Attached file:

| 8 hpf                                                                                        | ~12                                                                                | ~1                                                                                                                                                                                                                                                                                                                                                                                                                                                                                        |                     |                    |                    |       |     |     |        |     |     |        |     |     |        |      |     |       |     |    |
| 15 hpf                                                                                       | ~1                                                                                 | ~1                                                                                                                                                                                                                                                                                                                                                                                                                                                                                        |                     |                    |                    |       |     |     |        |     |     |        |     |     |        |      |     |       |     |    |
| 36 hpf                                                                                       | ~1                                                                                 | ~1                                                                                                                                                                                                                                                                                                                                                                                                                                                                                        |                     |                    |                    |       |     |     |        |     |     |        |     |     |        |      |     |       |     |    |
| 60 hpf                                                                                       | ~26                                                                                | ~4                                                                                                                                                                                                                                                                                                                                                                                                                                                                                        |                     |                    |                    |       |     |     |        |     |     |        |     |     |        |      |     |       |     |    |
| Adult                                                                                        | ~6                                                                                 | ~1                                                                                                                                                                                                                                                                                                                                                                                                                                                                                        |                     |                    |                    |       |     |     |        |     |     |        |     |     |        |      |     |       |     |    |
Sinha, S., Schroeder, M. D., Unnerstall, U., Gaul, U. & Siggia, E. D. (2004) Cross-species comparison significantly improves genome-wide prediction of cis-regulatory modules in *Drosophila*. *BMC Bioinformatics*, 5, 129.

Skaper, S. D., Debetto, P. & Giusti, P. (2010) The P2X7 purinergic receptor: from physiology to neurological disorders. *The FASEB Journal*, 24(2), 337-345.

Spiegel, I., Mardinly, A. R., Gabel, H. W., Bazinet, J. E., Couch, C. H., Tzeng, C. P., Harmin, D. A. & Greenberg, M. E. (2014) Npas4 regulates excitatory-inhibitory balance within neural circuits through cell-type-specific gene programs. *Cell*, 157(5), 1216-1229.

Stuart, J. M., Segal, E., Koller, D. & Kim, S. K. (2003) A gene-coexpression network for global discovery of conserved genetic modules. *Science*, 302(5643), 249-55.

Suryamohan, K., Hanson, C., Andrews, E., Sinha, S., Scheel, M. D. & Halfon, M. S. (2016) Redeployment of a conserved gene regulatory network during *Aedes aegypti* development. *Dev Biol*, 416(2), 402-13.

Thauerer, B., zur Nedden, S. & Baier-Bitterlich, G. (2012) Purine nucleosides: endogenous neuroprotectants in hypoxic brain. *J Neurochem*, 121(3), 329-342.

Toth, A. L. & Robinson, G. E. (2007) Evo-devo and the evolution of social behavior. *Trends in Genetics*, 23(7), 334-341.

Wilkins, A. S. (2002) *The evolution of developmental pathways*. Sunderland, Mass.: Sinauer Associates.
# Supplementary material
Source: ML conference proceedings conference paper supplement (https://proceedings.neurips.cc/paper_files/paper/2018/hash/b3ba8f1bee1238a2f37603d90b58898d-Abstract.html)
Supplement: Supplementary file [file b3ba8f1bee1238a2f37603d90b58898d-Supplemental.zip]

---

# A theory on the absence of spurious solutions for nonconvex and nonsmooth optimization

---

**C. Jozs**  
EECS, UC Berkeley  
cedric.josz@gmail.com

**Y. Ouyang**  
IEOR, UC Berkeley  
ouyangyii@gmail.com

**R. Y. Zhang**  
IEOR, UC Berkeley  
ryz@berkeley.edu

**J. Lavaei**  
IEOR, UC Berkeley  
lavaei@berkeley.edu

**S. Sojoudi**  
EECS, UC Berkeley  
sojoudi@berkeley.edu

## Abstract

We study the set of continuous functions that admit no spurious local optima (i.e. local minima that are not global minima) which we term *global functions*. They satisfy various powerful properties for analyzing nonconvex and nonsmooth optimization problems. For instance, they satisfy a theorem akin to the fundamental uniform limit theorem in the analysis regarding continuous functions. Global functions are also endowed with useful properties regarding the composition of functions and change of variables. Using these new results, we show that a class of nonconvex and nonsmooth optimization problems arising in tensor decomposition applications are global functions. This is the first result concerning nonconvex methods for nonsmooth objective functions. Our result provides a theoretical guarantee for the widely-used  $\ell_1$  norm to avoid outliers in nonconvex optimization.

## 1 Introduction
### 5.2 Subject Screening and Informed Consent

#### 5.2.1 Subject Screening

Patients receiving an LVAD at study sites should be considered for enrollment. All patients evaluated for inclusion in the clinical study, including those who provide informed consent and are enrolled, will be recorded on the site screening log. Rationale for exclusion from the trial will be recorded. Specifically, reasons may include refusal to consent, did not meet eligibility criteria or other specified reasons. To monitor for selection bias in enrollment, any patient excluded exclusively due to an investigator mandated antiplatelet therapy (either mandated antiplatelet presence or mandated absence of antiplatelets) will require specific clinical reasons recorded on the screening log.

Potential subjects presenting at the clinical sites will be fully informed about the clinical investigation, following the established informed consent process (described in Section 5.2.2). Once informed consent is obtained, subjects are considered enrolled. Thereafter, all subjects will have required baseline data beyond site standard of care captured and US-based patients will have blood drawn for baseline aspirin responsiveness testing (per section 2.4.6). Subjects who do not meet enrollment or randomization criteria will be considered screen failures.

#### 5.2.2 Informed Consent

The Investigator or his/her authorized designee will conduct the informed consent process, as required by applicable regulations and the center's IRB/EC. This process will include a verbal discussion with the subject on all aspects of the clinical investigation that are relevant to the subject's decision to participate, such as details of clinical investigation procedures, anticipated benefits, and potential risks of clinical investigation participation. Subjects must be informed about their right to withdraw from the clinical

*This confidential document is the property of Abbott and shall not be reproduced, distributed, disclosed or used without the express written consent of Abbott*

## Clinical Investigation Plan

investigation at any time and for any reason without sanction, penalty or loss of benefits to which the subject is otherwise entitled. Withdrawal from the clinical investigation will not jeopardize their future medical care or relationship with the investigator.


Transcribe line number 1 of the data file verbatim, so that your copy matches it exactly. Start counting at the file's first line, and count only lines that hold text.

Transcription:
| 8 hpf                                                                                        | ~12                                                                                | ~1                                                                                                                                                                                                                                                                                                                                                                                                                                                                                        |                     |                    |                    |       |     |     |        |     |     |        |     |     |        |      |     |       |     |    |